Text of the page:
The mystery of Denmark’s vanishing wolf pack – are hunters to blame?
Despite a resurgence in lowland Europe, numbers almost halve in the country
Wolves could become extinct again in Denmark and other lowland European countries unless the population is topped up by migrating animals, according to a new study.
A wolf pack crossed the border from Germany into Denmark in 2017, ending a 200-year absence of wolves in the country. But 48% of Denmark’s wolf population has subsequently been illegally killed or disappeared, with shooting the only plausible explanation.
Wolves have thrived in lowland Europe in recent years, with populations increasing by more than a third annually in Germany between 2000 and 2015. Protected by EU legislation, German-born wolves have recolonised Denmark, Belgium, the Netherlands and parts of France.
But a study of the 35 wolves, which DNA evidence shows had moved north into Denmark, published in Conservation Letters, has found that mortality rates are 10 times higher than normal in the country. In Schleswig-Holstein – Germany’s northern-most state, which borders Denmark – the main cause of death is traffic, particularly on the fast motorways around Hamburg.
In less-populated Denmark, there have been no traffic fatalities, but just nine of 27 wolves recorded in the country were still alive at the start of 2020. Four had crossed south to Germany, one died of natural causes, one was a confirmed illegal killing and 12 have disappeared. The life expectancy for a Danish wolf is just two years.
“Unfortunately, it’s not surprising. This is part of a pattern we have seen in a lot of countries. Typically they just disappear and are never found,” said lead author Professor Peter Sunde of Aarhus University.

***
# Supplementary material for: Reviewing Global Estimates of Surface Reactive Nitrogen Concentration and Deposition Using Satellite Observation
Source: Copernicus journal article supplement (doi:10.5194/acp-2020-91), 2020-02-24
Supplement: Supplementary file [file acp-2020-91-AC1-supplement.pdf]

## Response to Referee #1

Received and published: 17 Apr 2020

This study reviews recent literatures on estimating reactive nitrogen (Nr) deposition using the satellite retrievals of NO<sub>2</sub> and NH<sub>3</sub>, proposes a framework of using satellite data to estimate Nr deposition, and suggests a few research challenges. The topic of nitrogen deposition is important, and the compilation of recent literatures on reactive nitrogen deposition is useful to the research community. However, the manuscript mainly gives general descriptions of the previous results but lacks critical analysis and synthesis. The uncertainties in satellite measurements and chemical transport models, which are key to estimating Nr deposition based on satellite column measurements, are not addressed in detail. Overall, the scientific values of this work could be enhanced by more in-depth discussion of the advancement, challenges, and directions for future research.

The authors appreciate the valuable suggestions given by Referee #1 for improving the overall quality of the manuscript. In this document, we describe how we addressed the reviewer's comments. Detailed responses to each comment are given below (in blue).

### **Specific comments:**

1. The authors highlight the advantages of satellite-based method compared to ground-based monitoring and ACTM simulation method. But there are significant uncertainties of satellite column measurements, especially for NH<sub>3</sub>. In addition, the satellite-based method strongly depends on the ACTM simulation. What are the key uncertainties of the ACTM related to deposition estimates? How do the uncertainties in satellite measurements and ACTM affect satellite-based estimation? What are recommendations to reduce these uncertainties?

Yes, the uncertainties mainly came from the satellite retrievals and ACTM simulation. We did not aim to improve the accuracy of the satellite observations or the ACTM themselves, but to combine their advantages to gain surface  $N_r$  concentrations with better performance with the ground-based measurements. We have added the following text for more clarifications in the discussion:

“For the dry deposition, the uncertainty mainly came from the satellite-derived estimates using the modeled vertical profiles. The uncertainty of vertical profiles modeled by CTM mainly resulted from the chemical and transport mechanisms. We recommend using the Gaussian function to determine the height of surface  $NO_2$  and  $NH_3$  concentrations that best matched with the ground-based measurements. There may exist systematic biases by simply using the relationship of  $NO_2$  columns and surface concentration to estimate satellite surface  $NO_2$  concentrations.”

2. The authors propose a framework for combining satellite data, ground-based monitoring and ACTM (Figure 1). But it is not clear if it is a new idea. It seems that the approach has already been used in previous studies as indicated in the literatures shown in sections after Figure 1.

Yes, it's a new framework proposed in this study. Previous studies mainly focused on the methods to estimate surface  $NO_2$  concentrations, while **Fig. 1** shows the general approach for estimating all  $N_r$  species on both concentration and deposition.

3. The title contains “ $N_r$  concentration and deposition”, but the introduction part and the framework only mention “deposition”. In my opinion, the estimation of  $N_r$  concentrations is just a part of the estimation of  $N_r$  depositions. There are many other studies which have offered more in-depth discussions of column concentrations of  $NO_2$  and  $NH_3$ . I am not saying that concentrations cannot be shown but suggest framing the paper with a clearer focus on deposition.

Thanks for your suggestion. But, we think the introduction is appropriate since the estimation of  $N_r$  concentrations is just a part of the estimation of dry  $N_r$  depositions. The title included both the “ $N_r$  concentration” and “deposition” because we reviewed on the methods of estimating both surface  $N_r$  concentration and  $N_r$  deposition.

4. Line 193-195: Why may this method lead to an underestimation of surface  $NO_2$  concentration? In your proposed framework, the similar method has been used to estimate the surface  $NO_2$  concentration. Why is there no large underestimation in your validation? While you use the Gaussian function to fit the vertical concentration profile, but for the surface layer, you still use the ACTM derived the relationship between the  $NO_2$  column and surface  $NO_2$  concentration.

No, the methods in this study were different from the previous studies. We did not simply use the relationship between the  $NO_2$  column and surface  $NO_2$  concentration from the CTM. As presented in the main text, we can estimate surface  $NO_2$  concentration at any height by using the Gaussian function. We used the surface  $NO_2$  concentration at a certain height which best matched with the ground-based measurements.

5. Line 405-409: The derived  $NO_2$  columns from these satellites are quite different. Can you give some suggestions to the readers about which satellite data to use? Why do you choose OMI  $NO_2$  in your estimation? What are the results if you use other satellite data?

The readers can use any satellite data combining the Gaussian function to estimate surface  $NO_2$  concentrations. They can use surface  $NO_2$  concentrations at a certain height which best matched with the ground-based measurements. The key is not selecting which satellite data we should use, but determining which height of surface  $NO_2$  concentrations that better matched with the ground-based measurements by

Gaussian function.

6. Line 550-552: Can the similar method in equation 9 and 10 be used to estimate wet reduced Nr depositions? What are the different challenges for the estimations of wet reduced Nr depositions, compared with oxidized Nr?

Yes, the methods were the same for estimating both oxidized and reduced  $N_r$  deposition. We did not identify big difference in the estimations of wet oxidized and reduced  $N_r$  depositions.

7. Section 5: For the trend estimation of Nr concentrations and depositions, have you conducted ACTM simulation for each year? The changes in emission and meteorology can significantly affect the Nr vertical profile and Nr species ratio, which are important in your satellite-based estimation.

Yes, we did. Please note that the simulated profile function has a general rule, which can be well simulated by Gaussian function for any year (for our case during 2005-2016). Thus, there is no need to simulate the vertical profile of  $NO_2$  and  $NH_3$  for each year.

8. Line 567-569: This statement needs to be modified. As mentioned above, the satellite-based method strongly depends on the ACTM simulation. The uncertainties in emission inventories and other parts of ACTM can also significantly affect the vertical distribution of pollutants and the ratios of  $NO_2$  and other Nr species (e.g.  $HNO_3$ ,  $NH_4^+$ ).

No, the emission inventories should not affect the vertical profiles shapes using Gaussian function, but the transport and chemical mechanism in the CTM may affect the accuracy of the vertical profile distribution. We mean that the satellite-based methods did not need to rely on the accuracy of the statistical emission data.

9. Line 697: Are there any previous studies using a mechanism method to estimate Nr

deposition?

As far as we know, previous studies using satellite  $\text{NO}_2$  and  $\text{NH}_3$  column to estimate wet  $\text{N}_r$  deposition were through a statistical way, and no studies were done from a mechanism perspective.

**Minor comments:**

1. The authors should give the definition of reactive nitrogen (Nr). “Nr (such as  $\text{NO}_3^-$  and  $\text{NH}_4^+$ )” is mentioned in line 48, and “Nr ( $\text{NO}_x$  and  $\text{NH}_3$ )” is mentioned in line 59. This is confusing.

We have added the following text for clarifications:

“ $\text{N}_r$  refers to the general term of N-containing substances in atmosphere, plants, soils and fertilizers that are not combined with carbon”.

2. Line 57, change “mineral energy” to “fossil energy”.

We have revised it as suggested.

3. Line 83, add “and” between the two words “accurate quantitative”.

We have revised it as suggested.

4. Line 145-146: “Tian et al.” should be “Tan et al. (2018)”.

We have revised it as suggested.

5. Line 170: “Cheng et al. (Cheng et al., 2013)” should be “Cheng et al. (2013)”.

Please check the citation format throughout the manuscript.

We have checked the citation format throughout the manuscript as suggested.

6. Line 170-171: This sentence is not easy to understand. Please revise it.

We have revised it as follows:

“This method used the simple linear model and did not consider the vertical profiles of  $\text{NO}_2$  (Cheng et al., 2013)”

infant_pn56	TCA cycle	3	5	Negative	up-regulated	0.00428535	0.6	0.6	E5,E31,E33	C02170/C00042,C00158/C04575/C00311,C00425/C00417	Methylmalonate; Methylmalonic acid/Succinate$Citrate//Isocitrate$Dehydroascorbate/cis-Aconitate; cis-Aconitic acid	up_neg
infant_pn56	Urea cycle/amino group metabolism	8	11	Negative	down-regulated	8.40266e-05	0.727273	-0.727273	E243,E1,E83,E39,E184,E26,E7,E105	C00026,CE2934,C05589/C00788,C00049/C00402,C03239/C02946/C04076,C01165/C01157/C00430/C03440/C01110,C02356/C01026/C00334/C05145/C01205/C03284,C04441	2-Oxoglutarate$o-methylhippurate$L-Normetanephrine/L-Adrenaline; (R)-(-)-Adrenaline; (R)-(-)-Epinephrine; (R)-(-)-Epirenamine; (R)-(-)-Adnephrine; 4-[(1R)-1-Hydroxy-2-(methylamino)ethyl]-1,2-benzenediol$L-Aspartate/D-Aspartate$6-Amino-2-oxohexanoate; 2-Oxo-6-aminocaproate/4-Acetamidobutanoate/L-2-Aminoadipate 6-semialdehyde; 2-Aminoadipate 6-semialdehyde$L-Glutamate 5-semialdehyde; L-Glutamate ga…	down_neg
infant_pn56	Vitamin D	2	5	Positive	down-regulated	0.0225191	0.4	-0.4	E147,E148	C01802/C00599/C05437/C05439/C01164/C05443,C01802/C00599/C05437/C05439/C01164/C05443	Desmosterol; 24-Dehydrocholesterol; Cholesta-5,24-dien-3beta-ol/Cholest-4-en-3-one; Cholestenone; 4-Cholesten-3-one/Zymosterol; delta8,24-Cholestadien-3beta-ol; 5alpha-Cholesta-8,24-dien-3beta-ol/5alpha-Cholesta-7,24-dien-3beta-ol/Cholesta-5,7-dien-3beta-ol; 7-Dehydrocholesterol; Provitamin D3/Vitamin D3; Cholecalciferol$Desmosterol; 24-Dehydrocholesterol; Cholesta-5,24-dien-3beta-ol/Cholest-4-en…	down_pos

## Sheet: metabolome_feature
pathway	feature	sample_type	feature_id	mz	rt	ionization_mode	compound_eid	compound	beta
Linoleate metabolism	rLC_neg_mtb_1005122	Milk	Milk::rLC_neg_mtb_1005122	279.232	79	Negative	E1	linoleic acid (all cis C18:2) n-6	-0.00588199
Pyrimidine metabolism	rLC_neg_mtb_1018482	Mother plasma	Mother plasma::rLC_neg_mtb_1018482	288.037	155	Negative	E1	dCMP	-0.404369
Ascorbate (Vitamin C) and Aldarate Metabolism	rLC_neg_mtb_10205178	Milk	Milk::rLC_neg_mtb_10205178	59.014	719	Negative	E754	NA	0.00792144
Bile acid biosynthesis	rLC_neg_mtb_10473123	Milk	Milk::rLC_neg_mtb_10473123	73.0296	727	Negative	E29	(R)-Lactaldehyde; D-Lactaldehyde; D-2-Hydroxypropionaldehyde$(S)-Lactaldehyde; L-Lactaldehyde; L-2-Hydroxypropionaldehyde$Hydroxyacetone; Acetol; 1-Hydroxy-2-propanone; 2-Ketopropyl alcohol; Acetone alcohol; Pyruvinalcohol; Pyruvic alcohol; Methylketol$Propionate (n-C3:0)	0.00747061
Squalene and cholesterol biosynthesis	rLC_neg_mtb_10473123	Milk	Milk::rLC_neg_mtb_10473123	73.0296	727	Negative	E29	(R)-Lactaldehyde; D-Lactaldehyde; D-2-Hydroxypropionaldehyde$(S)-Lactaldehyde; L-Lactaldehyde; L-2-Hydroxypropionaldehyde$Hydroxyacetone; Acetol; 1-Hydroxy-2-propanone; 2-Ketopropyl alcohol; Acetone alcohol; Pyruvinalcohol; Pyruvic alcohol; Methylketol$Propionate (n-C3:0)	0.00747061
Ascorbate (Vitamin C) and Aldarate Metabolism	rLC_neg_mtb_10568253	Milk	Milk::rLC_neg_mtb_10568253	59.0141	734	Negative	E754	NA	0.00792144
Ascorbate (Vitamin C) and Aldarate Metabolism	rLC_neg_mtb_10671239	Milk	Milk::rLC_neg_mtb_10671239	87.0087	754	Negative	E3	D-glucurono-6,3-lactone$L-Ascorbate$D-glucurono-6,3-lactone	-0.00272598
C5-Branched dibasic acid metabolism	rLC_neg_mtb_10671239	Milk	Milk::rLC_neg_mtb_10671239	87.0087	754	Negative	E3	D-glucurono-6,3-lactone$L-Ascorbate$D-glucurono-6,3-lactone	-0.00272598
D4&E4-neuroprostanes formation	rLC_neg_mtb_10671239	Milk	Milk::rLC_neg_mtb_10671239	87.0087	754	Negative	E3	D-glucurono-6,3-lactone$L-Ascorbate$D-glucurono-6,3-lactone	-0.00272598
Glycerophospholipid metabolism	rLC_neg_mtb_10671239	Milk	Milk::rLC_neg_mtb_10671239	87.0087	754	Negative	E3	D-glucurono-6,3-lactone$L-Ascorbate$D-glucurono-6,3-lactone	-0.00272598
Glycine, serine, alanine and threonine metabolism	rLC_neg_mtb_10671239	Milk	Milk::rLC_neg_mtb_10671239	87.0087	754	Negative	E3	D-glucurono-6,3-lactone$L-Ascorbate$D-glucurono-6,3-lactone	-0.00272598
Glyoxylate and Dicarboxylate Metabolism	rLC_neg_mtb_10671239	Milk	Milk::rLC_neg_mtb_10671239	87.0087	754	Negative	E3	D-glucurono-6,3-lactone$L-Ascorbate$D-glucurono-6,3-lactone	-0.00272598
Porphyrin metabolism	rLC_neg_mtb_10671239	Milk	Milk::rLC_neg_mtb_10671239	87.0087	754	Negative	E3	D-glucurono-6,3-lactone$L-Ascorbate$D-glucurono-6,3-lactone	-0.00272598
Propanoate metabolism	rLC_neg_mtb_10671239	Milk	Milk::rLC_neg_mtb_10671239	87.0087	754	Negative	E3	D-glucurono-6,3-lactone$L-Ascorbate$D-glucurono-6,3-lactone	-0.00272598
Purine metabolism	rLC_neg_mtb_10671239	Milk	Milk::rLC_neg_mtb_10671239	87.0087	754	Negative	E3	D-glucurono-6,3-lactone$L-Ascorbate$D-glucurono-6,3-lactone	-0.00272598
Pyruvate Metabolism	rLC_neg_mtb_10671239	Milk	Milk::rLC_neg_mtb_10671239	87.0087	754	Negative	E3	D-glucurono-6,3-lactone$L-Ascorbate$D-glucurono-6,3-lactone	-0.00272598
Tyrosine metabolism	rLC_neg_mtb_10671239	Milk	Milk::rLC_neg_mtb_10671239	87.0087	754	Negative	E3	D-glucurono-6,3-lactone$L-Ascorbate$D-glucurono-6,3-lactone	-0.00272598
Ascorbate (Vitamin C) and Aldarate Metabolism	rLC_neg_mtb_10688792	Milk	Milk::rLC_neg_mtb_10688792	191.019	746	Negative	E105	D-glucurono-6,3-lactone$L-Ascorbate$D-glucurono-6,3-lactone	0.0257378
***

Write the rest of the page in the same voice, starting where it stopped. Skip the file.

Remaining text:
Research has shown that the key to the wolf’s resurgence in lowland Europe has been the animal finding sanctuary in large military training areas, particularly in Germany, where they can breed untroubled by persecution. When wolves leave the safety of these restricted zones, they can find plenty of food, even in suburban areas, but are much more prone to persecution.
According to Sunde, wolves are particularly vulnerable in countries such as Denmark, which have lots of private landowners, rather than large state forests such as Finland and Sweden. “A wolf during a year will probably encounter people hundreds of times, and they only need to encounter one hostile person with a weapon once to die,” he said. Ecologists calculate that the Danish part of the Jutland peninsula – a farmed landscape similar to lowland Scotland with just 13% forest cover – has space for 10 wolf packs.
The animals that cross over from Germany are not believed to be targeted by sheep farmers, who comprise a fairly small number in Denmark, but by hunters who dislike the predator for taking deer they want to shoot.
Sunde stressed their study provided no evidence as to who was behind the Danish wolf killings but added: “It is usually hunters who drive this, because they consider the wolf as a resource competitor. Red deer hunters have the weapons and they can get a shot at the wolf. That’s where you have the big interest, the big money and also the big feelings.
“We have anarchy in a nutshell – a powerful group who can enforce their will by illegal actions.”
Some argue that allowing licensed “culls” of wolves can reduce rates of illegal persecution by reassuring groups such as hunters or livestock farmers that populations won’t be allowed to rise indefinitely. But a study in Finland suggested that a legal “harvest” of wolves actually increased the likelihood of illegal killing.
“Right now we have legislation that protects wolves, and it’s not working because a minority don’t follow the rules,” said Sunde.
“The solution must be changing attitudes. As long as you have people who are willing to break the law it’s almost impossible to control this or police this because this is crime that happens on people’s own properties.”